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School For OKC’s Homeless Children Breaks Ground On Expansion

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Positive Tomorrows, a metro elementary school for homeless children, is getting a new building thanks to help from the Oklahoma City community. Positive Tomorrows, a metro elementary school for homeless children, is getting a new building thanks to help from the Oklahoma City community.
OKLAHOMA CITY -

Positive Tomorrows, a metro elementary school for homeless children, is getting a new building thanks to help from the Oklahoma City community. The expansion is desperately needed.

At the current 8,000 square-foot facility, Positive Tomorrows is turning away about 100 kids a year, but the new 36,000 square-foot facility will change all of that.

The 2017-2018 school year was the most crowded yet since Positive Tomorrows became private in 2005, serving 149 children who do not have a place to call home.

Former student David Berry said the environment helped him during a difficult period in his family's life, which is why he now volunteers his time giving back.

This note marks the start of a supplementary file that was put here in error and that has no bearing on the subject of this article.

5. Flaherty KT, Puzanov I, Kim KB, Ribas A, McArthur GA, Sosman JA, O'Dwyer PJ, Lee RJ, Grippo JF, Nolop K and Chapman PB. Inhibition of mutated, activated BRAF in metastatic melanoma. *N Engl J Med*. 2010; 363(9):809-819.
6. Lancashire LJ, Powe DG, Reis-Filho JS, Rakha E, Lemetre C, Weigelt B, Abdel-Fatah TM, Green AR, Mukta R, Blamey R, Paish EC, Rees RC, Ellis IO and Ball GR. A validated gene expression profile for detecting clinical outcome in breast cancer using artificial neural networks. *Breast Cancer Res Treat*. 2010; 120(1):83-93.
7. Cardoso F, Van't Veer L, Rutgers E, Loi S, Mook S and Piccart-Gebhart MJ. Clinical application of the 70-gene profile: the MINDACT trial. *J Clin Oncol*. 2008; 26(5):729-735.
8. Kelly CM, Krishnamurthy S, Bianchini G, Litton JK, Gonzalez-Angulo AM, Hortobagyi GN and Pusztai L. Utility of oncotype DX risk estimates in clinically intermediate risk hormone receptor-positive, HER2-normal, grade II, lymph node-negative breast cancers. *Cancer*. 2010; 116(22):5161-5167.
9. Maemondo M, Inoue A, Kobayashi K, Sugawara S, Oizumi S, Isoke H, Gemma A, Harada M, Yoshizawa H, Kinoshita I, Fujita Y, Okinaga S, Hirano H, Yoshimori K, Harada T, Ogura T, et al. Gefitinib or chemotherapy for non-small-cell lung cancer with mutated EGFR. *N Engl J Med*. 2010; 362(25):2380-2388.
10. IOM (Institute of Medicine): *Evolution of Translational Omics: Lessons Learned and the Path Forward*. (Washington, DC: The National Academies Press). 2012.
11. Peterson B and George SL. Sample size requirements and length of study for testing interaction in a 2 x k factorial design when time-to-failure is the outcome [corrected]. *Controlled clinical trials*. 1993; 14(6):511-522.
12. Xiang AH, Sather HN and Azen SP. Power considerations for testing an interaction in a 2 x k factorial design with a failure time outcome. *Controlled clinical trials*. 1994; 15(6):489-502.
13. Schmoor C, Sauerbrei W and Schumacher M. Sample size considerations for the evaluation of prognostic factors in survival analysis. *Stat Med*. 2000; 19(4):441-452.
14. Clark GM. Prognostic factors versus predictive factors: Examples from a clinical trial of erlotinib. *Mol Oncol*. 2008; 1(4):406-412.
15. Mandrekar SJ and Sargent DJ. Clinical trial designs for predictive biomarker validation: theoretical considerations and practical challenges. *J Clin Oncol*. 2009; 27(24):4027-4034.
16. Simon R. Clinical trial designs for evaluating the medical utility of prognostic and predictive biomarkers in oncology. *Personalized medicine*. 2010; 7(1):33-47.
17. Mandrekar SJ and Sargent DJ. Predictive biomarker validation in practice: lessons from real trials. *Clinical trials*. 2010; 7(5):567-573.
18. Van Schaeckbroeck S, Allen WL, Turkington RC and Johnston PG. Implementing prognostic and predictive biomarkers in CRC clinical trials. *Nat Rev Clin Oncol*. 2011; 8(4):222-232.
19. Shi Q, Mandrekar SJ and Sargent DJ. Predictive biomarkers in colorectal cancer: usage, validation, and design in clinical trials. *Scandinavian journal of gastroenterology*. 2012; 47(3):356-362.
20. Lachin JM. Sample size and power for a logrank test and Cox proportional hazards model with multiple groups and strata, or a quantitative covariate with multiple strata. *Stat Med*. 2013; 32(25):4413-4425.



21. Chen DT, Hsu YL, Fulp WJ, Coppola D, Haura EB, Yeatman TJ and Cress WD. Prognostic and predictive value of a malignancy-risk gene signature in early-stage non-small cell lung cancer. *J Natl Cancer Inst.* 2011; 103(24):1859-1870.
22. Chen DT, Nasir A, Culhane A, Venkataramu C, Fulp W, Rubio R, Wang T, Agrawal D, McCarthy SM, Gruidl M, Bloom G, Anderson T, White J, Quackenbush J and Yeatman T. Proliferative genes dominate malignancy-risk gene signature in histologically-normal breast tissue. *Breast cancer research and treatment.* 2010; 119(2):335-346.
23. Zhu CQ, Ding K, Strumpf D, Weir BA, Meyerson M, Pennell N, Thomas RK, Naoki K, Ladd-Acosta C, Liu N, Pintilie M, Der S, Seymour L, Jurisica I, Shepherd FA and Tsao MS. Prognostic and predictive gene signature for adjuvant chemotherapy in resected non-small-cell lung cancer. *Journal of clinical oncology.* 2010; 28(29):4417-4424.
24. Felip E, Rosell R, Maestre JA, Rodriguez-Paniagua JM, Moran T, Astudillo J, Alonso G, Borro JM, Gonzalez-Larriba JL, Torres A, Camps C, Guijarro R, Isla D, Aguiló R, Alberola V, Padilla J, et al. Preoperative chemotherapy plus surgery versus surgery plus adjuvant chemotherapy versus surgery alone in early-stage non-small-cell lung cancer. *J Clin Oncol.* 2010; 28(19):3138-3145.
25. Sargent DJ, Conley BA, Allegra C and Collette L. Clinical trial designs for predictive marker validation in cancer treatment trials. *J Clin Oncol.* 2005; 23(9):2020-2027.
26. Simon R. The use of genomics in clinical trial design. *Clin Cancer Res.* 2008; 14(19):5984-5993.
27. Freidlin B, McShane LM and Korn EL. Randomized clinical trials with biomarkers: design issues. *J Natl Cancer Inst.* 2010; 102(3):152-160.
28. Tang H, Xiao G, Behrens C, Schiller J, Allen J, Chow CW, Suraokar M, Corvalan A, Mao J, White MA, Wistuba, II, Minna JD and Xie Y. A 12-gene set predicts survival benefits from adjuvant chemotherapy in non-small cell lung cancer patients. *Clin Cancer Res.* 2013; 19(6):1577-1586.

He said, “A traditional school, you kind of have your groups and all that, and at Positive Tomorrows everyone bonded because of the situation we were in.”

The school is not just for educating kids. It provides clothes and toiletries when they need it, and caseworkers work with parents to overcome their homelessness, allowing the children to re-enter the public school system without shame.

President Susan Agel said more and more families are needing help.

“They hide away really well because they’re afraid they’ll lose their kids,” she said, “but they are there and they are growing.”

In turn, Positive Tomorrows is growing as well. The new building will include Head Start classes for newborns and toddlers, middle school classes up to eighth grade and special education classes.

It will also include more amenities for the family.

“We just really tried to make it seem like a homey spot,” Agel said.

Parents will practice cooking healthy meals with their children in the school’s training kitchen, and students can take advantage of a gym, outdoor learning spaces and more.

The $15 million needed for it all was raised in a year and a half. Five million dollars came from tax credits, but more than $10 million came from community donors.

“It hasn’t felt like it’s been that hard,” Agel said, “because we’ve asked people and they’ve said yes, and they’ve been generous.”

The goal is to have the new building up and running in time for kids to return to school in Fall 2019.

To learn more about Positive Tomorrows, click here.

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